to teach people from the age of 16 to 60 to speak Kannada.

“We Kannadigas are very accommodative and tend to learn the language of
those who are speaking to us – be it Hindi, Tamil or many others,” said
Ranju Krishna, part of the Kannadagotilla team. “We are linguistically very
adaptive, so people don’t find it necessary to learn our language. But only
if we inculcate that pride among local Kannadigas can we encourage others
to learn. We should not judge others; we should encourage them.”

There is also a newly-acquired passion among parents from other linguistic
backgrounds to get their children to learn the language, as it has become a
compulsory language to be learnt. And to help their children, parents have
started learning to read and write Kannada too.

“If I have to teach my daughter at home, I have to learn Kannada first,”
said Sarmishta, a parent. “We don’t look at it as an imposition, because
wherever we go, we have seen that learning the local language is a must. If
we were in Kolkata, my child would have had to learn Bengali, so it is the
same here.”

“Teaching and using Kannada to help get jobs is fine. But it’s not fair to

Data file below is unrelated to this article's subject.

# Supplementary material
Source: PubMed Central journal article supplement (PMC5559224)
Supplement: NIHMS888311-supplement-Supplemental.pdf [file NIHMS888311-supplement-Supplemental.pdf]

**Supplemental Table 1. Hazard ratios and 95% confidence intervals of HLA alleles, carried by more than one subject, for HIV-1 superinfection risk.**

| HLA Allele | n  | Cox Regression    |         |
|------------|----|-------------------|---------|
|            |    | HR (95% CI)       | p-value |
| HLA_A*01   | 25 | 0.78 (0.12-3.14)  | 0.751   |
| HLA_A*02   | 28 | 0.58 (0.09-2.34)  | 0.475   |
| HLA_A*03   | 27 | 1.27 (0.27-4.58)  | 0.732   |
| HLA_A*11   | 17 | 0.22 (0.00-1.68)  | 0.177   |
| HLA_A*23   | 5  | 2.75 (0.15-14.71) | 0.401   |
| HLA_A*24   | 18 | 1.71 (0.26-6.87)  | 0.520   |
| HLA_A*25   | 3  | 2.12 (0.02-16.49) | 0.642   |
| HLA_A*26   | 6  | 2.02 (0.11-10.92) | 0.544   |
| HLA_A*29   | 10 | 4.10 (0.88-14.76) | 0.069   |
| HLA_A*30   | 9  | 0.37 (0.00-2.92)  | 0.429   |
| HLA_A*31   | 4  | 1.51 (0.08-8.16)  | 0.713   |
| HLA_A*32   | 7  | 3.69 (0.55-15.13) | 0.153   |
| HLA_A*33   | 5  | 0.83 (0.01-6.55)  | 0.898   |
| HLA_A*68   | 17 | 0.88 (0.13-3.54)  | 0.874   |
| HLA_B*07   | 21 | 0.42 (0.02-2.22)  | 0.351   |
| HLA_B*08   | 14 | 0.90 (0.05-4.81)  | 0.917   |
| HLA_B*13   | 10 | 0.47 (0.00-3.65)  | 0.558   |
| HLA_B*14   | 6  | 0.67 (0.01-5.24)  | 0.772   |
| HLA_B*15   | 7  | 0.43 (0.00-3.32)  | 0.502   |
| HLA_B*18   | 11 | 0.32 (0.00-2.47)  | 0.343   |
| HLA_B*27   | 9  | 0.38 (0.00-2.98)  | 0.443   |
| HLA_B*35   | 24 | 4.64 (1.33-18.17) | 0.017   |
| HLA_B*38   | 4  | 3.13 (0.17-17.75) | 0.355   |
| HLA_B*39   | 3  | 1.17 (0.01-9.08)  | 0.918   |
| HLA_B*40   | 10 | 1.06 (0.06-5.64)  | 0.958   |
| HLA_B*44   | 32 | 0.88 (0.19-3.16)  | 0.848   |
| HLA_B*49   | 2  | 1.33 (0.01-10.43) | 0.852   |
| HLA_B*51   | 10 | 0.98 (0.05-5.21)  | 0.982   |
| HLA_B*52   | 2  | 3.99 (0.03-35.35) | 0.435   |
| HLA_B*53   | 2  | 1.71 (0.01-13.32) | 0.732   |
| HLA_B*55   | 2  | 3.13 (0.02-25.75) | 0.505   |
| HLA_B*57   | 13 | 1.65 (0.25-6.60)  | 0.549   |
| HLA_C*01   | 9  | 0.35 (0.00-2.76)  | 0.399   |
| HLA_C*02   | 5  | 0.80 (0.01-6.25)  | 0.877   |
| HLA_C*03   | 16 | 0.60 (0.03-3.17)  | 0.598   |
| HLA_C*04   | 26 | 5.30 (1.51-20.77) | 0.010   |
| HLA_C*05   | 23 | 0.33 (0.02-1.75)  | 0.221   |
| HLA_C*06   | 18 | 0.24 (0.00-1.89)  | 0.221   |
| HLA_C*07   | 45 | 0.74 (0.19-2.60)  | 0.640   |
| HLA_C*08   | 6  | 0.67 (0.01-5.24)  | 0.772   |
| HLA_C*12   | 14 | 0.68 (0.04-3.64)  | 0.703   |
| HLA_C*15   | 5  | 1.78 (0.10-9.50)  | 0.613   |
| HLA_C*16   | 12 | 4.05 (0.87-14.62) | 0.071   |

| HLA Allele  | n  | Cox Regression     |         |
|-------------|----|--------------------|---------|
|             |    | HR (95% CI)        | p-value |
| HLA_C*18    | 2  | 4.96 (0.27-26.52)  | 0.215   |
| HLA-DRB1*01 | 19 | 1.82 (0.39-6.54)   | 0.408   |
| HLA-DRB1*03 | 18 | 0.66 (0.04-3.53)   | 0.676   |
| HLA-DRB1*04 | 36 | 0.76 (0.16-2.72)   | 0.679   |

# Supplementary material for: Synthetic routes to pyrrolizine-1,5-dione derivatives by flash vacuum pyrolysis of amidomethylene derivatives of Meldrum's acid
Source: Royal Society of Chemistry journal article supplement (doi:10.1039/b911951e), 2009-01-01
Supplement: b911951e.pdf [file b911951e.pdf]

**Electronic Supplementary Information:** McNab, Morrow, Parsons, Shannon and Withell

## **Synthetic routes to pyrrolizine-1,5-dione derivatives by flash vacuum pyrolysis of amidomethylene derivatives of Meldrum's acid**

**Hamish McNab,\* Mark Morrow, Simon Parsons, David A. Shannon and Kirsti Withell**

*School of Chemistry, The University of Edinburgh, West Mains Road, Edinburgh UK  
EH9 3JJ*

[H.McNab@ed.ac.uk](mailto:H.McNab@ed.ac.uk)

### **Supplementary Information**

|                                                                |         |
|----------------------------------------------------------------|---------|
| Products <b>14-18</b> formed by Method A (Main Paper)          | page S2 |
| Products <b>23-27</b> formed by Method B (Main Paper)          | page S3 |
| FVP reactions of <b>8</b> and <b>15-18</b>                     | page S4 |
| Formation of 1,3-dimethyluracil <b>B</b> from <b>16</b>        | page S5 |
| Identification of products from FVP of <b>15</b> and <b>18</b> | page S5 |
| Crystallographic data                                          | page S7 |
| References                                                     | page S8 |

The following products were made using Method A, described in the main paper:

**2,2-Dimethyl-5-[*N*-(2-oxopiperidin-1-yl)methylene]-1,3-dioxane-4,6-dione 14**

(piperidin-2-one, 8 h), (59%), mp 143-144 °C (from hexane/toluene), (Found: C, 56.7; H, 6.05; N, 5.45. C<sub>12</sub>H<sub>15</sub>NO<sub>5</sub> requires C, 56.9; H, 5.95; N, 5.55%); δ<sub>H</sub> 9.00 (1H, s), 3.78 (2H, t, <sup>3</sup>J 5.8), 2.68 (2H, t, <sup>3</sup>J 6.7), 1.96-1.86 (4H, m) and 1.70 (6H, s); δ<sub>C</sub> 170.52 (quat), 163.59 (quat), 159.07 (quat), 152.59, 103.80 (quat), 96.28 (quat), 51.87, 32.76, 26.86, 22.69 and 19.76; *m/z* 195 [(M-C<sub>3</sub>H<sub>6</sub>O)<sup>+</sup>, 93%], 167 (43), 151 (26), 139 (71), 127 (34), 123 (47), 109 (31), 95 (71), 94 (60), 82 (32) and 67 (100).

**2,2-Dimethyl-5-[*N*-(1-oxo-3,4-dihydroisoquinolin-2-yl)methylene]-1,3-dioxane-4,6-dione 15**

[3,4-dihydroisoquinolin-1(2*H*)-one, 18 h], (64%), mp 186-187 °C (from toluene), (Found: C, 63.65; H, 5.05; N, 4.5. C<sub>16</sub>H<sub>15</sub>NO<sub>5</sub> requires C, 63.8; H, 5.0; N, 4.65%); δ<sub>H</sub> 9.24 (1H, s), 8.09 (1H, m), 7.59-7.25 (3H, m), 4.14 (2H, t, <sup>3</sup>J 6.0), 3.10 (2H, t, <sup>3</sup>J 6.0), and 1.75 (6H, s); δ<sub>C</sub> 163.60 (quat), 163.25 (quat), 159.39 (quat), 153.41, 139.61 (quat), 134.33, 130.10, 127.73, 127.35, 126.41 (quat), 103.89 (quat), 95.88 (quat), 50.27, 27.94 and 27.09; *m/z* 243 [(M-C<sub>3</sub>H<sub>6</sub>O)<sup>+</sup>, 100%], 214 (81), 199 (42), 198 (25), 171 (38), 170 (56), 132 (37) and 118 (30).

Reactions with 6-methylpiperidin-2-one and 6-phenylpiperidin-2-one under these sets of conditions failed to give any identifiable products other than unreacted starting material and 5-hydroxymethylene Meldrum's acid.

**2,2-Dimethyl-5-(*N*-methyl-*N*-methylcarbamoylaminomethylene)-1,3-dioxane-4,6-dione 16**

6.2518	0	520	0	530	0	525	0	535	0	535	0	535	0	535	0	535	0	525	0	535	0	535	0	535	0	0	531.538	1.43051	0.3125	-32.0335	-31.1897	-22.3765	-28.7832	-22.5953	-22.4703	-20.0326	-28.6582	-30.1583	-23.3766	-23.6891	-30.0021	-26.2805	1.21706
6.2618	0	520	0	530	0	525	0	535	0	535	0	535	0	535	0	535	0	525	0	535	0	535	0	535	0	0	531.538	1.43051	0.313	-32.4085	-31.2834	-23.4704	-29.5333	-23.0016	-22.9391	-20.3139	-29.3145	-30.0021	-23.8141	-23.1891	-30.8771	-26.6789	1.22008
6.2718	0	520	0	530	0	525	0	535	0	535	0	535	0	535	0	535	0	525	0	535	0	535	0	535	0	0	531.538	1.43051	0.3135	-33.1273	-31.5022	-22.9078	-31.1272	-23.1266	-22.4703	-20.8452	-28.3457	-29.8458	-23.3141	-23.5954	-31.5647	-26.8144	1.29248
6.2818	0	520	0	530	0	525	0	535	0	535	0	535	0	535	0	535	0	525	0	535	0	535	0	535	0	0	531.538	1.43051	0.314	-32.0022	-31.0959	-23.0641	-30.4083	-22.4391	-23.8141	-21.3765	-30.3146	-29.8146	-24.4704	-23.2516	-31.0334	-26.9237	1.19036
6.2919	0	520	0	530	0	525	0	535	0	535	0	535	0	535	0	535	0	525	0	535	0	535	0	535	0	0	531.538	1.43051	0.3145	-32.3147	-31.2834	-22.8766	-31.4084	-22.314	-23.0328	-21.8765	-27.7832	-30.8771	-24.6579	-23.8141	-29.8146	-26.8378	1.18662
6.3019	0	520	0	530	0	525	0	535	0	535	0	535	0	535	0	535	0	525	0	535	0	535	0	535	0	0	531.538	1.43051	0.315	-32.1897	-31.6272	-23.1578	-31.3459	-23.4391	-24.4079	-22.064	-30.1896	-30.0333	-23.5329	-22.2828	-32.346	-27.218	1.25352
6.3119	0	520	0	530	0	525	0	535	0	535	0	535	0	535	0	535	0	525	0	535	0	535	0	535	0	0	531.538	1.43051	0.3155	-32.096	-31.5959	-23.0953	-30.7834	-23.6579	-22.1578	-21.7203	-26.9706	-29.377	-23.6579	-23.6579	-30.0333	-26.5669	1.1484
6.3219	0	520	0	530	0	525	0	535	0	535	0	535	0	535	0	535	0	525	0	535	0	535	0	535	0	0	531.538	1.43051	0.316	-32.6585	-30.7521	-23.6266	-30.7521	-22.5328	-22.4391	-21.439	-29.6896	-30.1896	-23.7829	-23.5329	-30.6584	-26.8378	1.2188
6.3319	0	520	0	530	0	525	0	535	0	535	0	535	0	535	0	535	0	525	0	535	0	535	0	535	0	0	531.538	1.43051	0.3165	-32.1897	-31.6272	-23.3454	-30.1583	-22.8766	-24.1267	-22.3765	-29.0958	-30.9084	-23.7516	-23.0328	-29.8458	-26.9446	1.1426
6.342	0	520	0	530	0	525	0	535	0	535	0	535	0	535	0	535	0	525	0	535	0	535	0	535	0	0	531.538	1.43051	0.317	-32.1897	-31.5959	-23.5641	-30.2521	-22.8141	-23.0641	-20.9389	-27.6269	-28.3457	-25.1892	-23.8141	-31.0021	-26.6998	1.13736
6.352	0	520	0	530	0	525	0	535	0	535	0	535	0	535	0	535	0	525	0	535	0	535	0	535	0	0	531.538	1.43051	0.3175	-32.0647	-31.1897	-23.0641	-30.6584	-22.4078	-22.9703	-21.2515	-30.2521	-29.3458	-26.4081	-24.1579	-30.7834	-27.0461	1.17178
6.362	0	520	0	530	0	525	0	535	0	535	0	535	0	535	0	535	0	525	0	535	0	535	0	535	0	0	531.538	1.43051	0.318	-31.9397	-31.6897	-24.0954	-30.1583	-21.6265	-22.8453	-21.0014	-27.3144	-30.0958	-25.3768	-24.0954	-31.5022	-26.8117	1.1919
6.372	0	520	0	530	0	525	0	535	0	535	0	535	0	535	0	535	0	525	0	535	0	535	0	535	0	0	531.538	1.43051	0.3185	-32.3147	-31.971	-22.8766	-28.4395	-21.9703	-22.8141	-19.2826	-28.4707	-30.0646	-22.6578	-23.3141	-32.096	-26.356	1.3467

force a language on someone,” she added.
*Against imposition*

Singer-composer Raghu Dixit is among those who feel there’s no need to
impose. Dixit, who has in his own way modernised Kannada folk songs and
brought people from all parts of the world closer to Kannada language and
culture, feels the effort to acknowledge one’s Kannada roots should begin
with oneself.

“Several auto and taxi drivers speak in Hindi naturally to clients. I would
urge them to first speak in Kannada, and if the client does not understand,
then speak in a different language. That way, you are upholding your
identity as a Kannadiga, and also accommodating others who do not know the
language,” Dixit said.

“If you use the Karnataka state flag during the Rajyotsava, I would very
proudly salute the flag or wear a badge which reflects it, as it is a
matter of pride. But using the language or the flag as a tool to create
violence and get political mileage, which is what we see today, is not
acceptable,” he added.
*A different take*

Ramzan Darga, a prominent writer and a Muslim who teaches Basava philosophy
and Veerashaivism, has a different take.

“Who is a Kannadiga? A person who can understand and speak Kannada. Kannada
culture has no particular logic,” he said.

“If a person comes from Kashmir and understands the language, speaks it and
embraces its literary world, he becomes a Kannadiga for me,” Darga added.
“A Kannadiga is not bound by any cultural or geographical limits.”

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 Harold F. Schiffman

Professor Emeritus of
 Dravidian Linguistics and Culture
Dept. of South Asia Studies
University of Pennsylvania
Philadelphia, PA 19104-6305

Phone:  (215) 898-7475
Fax:  (215) 573-2138

Email:  haroldfs at gmail.com
http://ccat.sas.upenn.edu/~haroldfs/